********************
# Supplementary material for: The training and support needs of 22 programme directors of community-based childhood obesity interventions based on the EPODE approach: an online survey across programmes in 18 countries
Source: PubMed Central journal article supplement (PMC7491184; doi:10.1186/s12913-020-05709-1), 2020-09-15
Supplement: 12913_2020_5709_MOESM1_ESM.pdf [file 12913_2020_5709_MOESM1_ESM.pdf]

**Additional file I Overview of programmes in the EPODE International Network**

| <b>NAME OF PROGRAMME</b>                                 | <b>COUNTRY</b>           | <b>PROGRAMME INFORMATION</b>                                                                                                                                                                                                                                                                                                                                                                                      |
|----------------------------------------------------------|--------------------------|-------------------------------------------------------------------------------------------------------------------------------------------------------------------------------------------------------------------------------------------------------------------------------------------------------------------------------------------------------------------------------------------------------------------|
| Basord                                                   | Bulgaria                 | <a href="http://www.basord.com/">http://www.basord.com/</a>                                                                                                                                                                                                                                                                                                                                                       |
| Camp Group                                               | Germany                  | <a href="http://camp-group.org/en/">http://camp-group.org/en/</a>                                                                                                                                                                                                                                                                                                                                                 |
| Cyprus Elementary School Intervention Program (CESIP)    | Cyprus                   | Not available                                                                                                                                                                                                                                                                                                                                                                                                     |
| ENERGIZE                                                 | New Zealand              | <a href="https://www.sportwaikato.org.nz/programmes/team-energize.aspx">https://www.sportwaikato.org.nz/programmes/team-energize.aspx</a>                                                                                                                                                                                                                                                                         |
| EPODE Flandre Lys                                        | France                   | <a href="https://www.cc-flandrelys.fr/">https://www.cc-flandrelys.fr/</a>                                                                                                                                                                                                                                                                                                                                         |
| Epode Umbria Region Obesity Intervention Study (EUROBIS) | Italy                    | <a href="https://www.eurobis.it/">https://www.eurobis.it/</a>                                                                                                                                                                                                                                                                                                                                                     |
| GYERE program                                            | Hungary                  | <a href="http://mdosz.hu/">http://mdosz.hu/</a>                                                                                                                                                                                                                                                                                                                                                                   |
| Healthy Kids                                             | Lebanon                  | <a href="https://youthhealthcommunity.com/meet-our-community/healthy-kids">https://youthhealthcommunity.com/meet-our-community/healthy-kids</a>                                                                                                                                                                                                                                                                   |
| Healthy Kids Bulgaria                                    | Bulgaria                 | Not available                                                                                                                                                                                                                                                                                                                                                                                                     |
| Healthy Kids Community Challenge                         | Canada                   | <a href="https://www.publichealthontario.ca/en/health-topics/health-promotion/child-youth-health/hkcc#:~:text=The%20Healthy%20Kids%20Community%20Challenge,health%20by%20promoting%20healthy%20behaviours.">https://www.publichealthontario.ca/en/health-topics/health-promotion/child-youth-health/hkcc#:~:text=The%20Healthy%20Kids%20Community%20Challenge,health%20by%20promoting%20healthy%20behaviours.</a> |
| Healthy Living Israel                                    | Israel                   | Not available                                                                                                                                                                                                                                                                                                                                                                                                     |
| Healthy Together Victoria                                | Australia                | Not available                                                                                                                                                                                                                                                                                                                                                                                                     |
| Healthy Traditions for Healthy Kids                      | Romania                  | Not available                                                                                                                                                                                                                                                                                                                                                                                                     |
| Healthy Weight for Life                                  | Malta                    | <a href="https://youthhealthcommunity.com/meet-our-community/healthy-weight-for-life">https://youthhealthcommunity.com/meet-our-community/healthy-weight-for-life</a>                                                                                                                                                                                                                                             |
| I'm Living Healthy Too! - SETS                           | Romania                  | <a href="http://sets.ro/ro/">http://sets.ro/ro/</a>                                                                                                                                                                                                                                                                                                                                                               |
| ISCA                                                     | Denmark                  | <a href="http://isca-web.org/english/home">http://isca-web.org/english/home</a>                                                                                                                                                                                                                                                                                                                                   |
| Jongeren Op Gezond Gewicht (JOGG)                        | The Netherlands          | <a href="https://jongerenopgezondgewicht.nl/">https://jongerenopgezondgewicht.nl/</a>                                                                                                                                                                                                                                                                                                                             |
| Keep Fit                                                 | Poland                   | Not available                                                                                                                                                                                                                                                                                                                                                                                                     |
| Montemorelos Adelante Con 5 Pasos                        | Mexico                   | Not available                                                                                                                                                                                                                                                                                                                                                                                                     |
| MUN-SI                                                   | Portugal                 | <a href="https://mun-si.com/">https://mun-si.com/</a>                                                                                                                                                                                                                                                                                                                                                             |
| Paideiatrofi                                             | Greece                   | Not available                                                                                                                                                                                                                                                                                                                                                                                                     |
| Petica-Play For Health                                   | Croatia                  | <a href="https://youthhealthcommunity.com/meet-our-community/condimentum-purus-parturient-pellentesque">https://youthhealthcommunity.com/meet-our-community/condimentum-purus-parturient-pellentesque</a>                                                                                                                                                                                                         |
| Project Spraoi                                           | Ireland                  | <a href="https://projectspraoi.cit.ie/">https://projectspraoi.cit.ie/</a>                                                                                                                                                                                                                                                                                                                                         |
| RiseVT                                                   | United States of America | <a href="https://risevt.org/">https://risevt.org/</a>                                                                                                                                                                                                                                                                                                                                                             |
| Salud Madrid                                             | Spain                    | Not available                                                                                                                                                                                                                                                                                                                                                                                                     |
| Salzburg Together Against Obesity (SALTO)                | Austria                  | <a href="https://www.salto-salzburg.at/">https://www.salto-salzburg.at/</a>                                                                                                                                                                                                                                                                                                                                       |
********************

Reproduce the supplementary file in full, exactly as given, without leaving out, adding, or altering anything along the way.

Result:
# Supplementary material for: The training and support needs of 22 programme directors of community-based childhood obesity interventions based on the EPODE approach: an online survey across programmes in 18 countries
Source: PubMed Central journal article supplement (PMC7491184; doi:10.1186/s12913-020-05709-1), 2020-09-15
Supplement: 12913_2020_5709_MOESM1_ESM.pdf [file 12913_2020_5709_MOESM1_ESM.pdf]

**Additional file I Overview of programmes in the EPODE International Network**

| <b>NAME OF PROGRAMME</b>                                 | <b>COUNTRY</b>           | <b>PROGRAMME INFORMATION</b>                                                                                                                                                                                                                                                                                                                                                                                      |
|----------------------------------------------------------|--------------------------|-------------------------------------------------------------------------------------------------------------------------------------------------------------------------------------------------------------------------------------------------------------------------------------------------------------------------------------------------------------------------------------------------------------------|
| Basord                                                   | Bulgaria                 | <a href="http://www.basord.com/">http://www.basord.com/</a>                                                                                                                                                                                                                                                                                                                                                       |
| Camp Group                                               | Germany                  | <a href="http://camp-group.org/en/">http://camp-group.org/en/</a>                                                                                                                                                                                                                                                                                                                                                 |
| Cyprus Elementary School Intervention Program (CESIP)    | Cyprus                   | Not available                                                                                                                                                                                                                                                                                                                                                                                                     |
| ENERGIZE                                                 | New Zealand              | <a href="https://www.sportwaikato.org.nz/programmes/team-energize.aspx">https://www.sportwaikato.org.nz/programmes/team-energize.aspx</a>                                                                                                                                                                                                                                                                         |
| EPODE Flandre Lys                                        | France                   | <a href="https://www.cc-flandrelys.fr/">https://www.cc-flandrelys.fr/</a>                                                                                                                                                                                                                                                                                                                                         |
| Epode Umbria Region Obesity Intervention Study (EUROBIS) | Italy                    | <a href="https://www.eurobis.it/">https://www.eurobis.it/</a>                                                                                                                                                                                                                                                                                                                                                     |
| GYERE program                                            | Hungary                  | <a href="http://mdosz.hu/">http://mdosz.hu/</a>                                                                                                                                                                                                                                                                                                                                                                   |
| Healthy Kids                                             | Lebanon                  | <a href="https://youthhealthcommunity.com/meet-our-community/healthy-kids">https://youthhealthcommunity.com/meet-our-community/healthy-kids</a>                                                                                                                                                                                                                                                                   |
| Healthy Kids Bulgaria                                    | Bulgaria                 | Not available                                                                                                                                                                                                                                                                                                                                                                                                     |
| Healthy Kids Community Challenge                         | Canada                   | <a href="https://www.publichealthontario.ca/en/health-topics/health-promotion/child-youth-health/hkcc#:~:text=The%20Healthy%20Kids%20Community%20Challenge,health%20by%20promoting%20healthy%20behaviours.">https://www.publichealthontario.ca/en/health-topics/health-promotion/child-youth-health/hkcc#:~:text=The%20Healthy%20Kids%20Community%20Challenge,health%20by%20promoting%20healthy%20behaviours.</a> |
| Healthy Living Israel                                    | Israel                   | Not available                                                                                                                                                                                                                                                                                                                                                                                                     |
| Healthy Together Victoria                                | Australia                | Not available                                                                                                                                                                                                                                                                                                                                                                                                     |
| Healthy Traditions for Healthy Kids                      | Romania                  | Not available                                                                                                                                                                                                                                                                                                                                                                                                     |
| Healthy Weight for Life                                  | Malta                    | <a href="https://youthhealthcommunity.com/meet-our-community/healthy-weight-for-life">https://youthhealthcommunity.com/meet-our-community/healthy-weight-for-life</a>                                                                                                                                                                                                                                             |
| I'm Living Healthy Too! - SETS                           | Romania                  | <a href="http://sets.ro/ro/">http://sets.ro/ro/</a>                                                                                                                                                                                                                                                                                                                                                               |
| ISCA                                                     | Denmark                  | <a href="http://isca-web.org/english/home">http://isca-web.org/english/home</a>                                                                                                                                                                                                                                                                                                                                   |
| Jongeren Op Gezond Gewicht (JOGG)                        | The Netherlands          | <a href="https://jongerenopgezondgewicht.nl/">https://jongerenopgezondgewicht.nl/</a>                                                                                                                                                                                                                                                                                                                             |
| Keep Fit                                                 | Poland                   | Not available                                                                                                                                                                                                                                                                                                                                                                                                     |
| Montemorelos Adelante Con 5 Pasos                        | Mexico                   | Not available                                                                                                                                                                                                                                                                                                                                                                                                     |
| MUN-SI                                                   | Portugal                 | <a href="https://mun-si.com/">https://mun-si.com/</a>                                                                                                                                                                                                                                                                                                                                                             |
| Paideiatrofi                                             | Greece                   | Not available                                                                                                                                                                                                                                                                                                                                                                                                     |
| Petica-Play For Health                                   | Croatia                  | <a href="https://youthhealthcommunity.com/meet-our-community/condimentum-purus-parturient-pellentesque">https://youthhealthcommunity.com/meet-our-community/condimentum-purus-parturient-pellentesque</a>                                                                                                                                                                                                         |
| Project Spraoi                                           | Ireland                  | <a href="https://projectspraoi.cit.ie/">https://projectspraoi.cit.ie/</a>                                                                                                                                                                                                                                                                                                                                         |
| RiseVT                                                   | United States of America | <a href="https://risevt.org/">https://risevt.org/</a>                                                                                                                                                                                                                                                                                                                                                             |
| Salud Madrid                                             | Spain                    | Not available                                                                                                                                                                                                                                                                                                                                                                                                     |
| Salzburg Together Against Obesity (SALTO)                | Austria                  | <a href="https://www.salto-salzburg.at/">https://www.salto-salzburg.at/</a>                                                                                                                                                                                                                                                                                                                                       |